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A Winning Combination: Software-as-Services Plus Business Consulting and Process Services
By Laurie McCabe
January 30, 2004

If you have been wondering whether to use XML Web services or .NET Remoting, here’s a simple answer: Use XML Web services most of the time. XML Web services are the same as marshal-by-value .NET Remoting, but using them is much easier than using Remoting from scratch.

Marshal-by-value remoting (XML Web services) means that you get XML-serialized data from your remote server. Sometimes, you may need dynamic event behavior or you may not want to move massive amounts of data and need a little more control. In this instance, you peel back the XML Web services layer and start building directly on top of .NET Remoting with marshal-by-reference objects and event sinks. Mostly not, though.

This article looks at the basic technologies that support XML Web services and provides a brief demonstration of how to produce and consume Web services.

First Things First

Before learning the definition of XML Web services, take a look at Web services from a conceptual perspective. What is a Web service? I’m glad you asked.

A Web service is a class, but not a low-level class. For example, a Web service might have a method such as AddItemToOrder, BookFlight, or RetrieveDrivingDirections, but a properly used Web service would not include things like SetCustomerName or CalculateAge. A Web service could include low-level operations, but Web services send XML data across an HTTP connection and serializing data and HTTP is not a comparatively cheap operation. Therefore, using Web services to set the equivalent of property values is a misuse of them.

Conceptually, a Web service is a natural façade. The term façade is an important architectural concept that represents high-level, interface-exposing capabilities. In the context of the UML, think of a façade as a Web service that supports use cases. (If you are not familiar with façades, pick up a copy of Erich Gamma and Company’s book Design Patterns from Addison-Wesley.) In the meantime, think of a Web service as a place to expose high-level capabilities instead of low-level operations.

When you decide to use Web services, consider the Web service a provider of the primary use cases (a.k.a. macro features) of your system.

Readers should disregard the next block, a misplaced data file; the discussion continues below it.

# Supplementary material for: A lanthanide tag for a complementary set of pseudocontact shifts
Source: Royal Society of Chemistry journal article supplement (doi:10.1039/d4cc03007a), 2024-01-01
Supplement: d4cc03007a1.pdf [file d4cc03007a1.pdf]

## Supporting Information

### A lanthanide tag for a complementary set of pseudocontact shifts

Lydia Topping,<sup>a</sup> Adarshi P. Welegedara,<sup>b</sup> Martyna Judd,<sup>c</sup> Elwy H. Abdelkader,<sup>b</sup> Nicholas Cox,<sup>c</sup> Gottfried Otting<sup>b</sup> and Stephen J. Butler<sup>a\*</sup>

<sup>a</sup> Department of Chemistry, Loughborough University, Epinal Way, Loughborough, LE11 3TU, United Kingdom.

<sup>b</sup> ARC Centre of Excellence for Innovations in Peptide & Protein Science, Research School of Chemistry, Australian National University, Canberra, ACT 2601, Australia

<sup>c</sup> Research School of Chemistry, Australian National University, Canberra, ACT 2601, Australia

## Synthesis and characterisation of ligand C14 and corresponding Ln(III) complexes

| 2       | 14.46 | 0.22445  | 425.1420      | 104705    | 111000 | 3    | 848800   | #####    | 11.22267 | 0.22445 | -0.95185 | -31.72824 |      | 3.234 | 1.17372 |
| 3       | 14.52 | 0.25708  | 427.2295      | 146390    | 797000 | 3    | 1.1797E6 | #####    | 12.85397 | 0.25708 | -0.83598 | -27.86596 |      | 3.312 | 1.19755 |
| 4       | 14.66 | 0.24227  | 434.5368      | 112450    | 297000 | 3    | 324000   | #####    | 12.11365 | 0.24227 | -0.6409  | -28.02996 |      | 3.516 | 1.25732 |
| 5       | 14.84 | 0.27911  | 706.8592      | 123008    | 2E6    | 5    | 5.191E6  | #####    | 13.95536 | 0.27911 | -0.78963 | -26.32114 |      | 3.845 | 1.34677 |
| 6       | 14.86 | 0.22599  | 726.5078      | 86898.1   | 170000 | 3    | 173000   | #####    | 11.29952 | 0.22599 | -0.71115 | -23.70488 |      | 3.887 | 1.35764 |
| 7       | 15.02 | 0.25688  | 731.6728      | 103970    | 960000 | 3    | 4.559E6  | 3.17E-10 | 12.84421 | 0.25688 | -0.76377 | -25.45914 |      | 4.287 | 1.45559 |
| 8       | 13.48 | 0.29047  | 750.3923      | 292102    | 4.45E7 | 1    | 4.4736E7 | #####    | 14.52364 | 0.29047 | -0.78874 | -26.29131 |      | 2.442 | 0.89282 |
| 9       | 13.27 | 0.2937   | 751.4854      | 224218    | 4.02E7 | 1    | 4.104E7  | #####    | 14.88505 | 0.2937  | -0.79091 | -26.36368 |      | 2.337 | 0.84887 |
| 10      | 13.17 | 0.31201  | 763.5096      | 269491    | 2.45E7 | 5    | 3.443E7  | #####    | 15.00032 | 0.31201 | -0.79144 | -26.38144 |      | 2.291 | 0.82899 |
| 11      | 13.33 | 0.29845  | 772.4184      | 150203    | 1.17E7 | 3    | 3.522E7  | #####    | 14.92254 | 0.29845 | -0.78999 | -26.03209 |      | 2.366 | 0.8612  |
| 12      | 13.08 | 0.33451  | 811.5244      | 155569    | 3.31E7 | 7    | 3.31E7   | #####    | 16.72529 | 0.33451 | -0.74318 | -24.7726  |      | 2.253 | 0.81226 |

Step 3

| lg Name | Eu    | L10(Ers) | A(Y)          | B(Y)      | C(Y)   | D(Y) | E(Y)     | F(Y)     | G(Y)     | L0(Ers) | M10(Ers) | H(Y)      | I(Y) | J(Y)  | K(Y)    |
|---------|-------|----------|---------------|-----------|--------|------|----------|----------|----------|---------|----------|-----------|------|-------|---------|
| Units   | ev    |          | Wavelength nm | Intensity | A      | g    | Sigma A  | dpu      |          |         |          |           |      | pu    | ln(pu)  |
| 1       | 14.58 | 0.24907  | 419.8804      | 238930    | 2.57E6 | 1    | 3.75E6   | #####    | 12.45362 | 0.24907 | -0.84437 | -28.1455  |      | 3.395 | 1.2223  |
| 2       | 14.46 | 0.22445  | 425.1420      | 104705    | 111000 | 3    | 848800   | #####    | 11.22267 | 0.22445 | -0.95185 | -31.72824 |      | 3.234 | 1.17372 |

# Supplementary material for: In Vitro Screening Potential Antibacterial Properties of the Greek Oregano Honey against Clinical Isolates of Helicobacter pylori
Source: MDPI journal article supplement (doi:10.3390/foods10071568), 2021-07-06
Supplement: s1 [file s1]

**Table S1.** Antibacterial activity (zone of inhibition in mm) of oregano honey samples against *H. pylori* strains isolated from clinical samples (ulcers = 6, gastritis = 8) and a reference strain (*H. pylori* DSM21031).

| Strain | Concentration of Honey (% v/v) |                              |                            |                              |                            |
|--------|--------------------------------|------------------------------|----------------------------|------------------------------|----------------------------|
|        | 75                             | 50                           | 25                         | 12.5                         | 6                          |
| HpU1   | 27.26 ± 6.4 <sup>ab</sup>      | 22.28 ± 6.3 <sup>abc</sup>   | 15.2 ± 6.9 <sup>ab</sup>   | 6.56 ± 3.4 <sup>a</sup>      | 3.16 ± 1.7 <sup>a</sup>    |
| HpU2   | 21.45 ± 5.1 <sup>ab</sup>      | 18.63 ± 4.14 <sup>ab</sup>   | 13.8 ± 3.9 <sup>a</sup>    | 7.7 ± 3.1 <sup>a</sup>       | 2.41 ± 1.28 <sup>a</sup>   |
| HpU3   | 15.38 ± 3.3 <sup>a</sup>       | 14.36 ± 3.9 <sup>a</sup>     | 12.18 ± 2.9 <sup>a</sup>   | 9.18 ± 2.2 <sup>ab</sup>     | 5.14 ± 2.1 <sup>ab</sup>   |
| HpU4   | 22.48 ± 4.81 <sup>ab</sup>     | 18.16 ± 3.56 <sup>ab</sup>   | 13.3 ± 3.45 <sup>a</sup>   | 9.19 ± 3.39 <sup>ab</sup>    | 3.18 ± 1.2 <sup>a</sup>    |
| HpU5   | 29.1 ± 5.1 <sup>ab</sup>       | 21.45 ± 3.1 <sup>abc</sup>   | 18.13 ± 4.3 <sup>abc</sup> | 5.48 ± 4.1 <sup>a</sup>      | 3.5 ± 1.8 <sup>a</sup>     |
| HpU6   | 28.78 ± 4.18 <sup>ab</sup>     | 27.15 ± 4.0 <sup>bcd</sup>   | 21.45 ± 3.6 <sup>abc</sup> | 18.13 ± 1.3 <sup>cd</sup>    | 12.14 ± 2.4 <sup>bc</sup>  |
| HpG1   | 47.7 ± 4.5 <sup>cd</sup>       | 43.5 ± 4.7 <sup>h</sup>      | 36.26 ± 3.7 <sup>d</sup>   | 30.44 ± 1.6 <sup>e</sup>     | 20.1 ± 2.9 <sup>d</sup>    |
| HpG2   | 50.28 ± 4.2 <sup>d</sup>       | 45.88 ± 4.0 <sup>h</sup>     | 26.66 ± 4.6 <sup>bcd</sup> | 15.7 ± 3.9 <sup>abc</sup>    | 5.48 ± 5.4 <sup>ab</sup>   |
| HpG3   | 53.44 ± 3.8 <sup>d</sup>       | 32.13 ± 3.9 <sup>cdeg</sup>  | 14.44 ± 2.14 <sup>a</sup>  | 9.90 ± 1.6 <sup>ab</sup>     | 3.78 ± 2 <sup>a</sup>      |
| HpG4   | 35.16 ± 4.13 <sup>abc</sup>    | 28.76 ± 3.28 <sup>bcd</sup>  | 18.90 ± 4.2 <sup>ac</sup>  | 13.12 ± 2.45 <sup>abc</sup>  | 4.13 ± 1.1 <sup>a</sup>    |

Consuming and Producing Web Services

A programmer can assume either the Web service producer or Web service consumer role. The skills for producing a Web service are slightly different from those for consuming Web services. When creating a Web service, you are a producer and must play that part. Once you’ve created the Web service, you are a consumer. The capabilities the Web service offers represent a black box, and your tasks as consumer are the same whether you produced the Web service or not.

Producing Web Services

The key to producing a useful Web service is knowing your audience. What are their objectives? What do you need from them to help them meet their goals, and what must you have from them to meet your goals?

It is also important to know that Web service consumers are generally not end users. Web services consumers are often business-to-business (b2b) customers. For example, Dell Computers might use Web services from UPS to offer package tracking. Dell Computers might produce Web services to offer financial information to Dell Financial Services. In the former scenario, Dell might ship your new PC (you’re getting a Dell, dude!) via UPS and enable you to track your PC through its Web site. Dell Financial Services (DFS) might offer you credit, and Dell Computers can request payment through DFS’s Web services.

Hopefully, these analogies help you see what a good level of abstractioin for Web services is. Note that XML Web services do not technically enforce any particular level of abstraction; what I am suggesting is a suitable level of abstraction.

Now, how do you produce a Web service?

Page 2: Producing Web Services in VB.NET


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